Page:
Signal your turns. Point out or call out road debris, potholes or other obstacles. Don’t overlap wheels, and protect your own front wheel. Keep riders in your small groups abreast of traffic behind you (“car back!”). Wear or use a mirror if you’re comfortable doing so. Follow the rules set forth by the ride. And so on.
In short, just because it’s a fun-filled tour on which you may be chatting it up with fellow riders or enjoying the scenery much more than on a normal, everyday ride, DO NOT let your guard down. Terrible accidents, and even deaths, can happen on cycling vacations, just the same as on our everyday rides.
In fact, I’m saddened to report that one rider on the Wyoming tour was severely injured when hit by a truck pulling a camper. The accident happened on a long, straight road with not much traffic. By all accounts, it seemed to be the rider’s fault. Witnesses said she signaled a left turn across both lanes of the 2-lane highway to enter a rest stop. Somehow, she missed seeing the truck and pulled out right in front of it. Despite the horrific accident – I won’t list her many injuries – she will survive and is expected to walk again in several weeks.
Tours and big organized rides often include a range of cyclists of different riding abilities. No matter where you fit on the spectrum, riding courteously is part of your overall responsibilities on the ride.
For example, if you are a faster rider (or are in a faster group) who passes other riders on occasion, always give a hale and hearty “on your left” before you make your pass. And if you know you’re slower than some other riders, and are likely to be passed, ride as far to the right as you can to increase your safety, and that of any passers.
Courtesy extends, too, to your riding in small groups on tours and bigger rides. Grouping up and riding in pacelines once in a while allows you to conserve a bit of energy – which can be quite helpful on long, consecutive days in the saddle. But in addition to riding safely, it’s common courtesy to “share the work” by taking pulls on the front, as you’re able. Just do what you can; if you’re only up for a 30-second pull, that’s fine. And if you’re riding alone and sidle up behind another rider, let them know you’re there by asking if they don’t mind if you suck some wheel for a while.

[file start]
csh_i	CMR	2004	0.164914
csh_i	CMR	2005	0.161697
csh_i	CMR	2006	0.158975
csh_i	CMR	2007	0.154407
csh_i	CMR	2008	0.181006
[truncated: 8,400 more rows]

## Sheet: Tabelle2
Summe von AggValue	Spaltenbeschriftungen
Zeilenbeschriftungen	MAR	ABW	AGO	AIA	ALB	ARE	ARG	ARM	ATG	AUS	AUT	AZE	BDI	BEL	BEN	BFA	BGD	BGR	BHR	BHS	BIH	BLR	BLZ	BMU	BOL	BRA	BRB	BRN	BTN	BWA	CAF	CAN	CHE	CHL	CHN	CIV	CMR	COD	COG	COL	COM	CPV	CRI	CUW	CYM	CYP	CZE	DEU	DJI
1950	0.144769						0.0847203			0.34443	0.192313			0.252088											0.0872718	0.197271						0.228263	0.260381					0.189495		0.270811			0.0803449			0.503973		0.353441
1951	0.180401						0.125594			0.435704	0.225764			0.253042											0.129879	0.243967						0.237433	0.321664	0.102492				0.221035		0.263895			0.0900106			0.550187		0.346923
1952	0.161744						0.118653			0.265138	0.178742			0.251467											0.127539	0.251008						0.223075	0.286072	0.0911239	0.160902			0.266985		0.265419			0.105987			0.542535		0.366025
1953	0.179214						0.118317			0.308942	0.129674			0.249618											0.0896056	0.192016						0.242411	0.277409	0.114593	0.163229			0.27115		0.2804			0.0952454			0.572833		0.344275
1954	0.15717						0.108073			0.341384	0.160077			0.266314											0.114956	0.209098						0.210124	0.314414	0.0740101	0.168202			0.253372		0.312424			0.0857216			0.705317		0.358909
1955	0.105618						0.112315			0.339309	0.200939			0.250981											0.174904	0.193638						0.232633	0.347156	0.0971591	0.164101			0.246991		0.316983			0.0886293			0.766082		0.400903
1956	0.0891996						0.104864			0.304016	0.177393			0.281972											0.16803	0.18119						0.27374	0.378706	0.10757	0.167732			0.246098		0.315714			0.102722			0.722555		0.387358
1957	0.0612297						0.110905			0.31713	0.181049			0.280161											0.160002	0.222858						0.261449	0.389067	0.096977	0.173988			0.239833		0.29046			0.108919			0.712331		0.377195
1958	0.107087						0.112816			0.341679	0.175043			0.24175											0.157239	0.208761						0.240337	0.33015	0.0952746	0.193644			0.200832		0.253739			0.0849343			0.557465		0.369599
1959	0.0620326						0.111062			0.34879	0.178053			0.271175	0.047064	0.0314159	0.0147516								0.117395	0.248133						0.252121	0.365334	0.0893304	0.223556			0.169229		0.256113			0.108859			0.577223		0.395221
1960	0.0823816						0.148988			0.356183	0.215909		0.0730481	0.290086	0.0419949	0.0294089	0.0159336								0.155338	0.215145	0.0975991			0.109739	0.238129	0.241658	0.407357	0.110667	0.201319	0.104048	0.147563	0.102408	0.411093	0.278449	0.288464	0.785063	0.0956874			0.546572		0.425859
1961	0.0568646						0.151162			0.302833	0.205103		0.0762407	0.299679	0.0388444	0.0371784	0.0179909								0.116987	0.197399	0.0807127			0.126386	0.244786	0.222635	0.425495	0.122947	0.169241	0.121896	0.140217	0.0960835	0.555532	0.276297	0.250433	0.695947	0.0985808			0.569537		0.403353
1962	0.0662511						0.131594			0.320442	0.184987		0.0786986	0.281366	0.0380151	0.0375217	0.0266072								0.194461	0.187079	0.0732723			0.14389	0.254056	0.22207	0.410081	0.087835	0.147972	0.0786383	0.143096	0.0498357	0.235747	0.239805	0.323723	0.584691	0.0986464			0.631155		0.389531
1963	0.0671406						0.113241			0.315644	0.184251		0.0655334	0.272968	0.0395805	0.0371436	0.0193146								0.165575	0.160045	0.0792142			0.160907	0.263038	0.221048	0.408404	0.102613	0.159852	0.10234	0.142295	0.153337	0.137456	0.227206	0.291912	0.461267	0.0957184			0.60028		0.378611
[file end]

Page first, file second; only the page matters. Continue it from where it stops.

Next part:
Part of the enjoyment of rides like the Wyoming Tour is just the overall sensory experience of pedaling through some of the most breathtaking (in the good sense of the word!) scenery imaginable. Every day offered something different, but my highlight was the 88-mile Queen Stage, featuring a 10-mile climb up Togwotee Pass and over the Continental Divide, then a long descent into Grand Teton National Park, with the majestic Tetons getting ever closer as we cycled through the Park. Stunning.
After all, it’s a tour – not a race. So stop, take pictures, inhale deeply, and listen to the quietude you’ll probably never experience at home.
In fact, a couple of the remarkable sensory experiences in the Park were the beautiful fragrance and – when I stopped to take a photo – the ability to clearly hear every word of the conversation of other riders who were at least 250 meters in the distance. It was that quiet!
And, finally – here’s some overlap with the courtesy point – if you’re riding in a group with someone who wants to stop, for whatever reason, for heaven’s sake, stop with them. I was riding one day with a couple of other riders who, not once but twice, left me behind as I stopped to take photos.
Leading up to the Wyoming ride, in both the ride instructions and safety video prepared for the ride, I noticed an incessant drumbeat re: “riding right.” Meaning, ride to the right of the white line separating the roadway from the shoulder. I also read about the “rumbles” or “rumble strip” separating the shoulder from the road, which in some cases was said to run for miles on end, with no gap.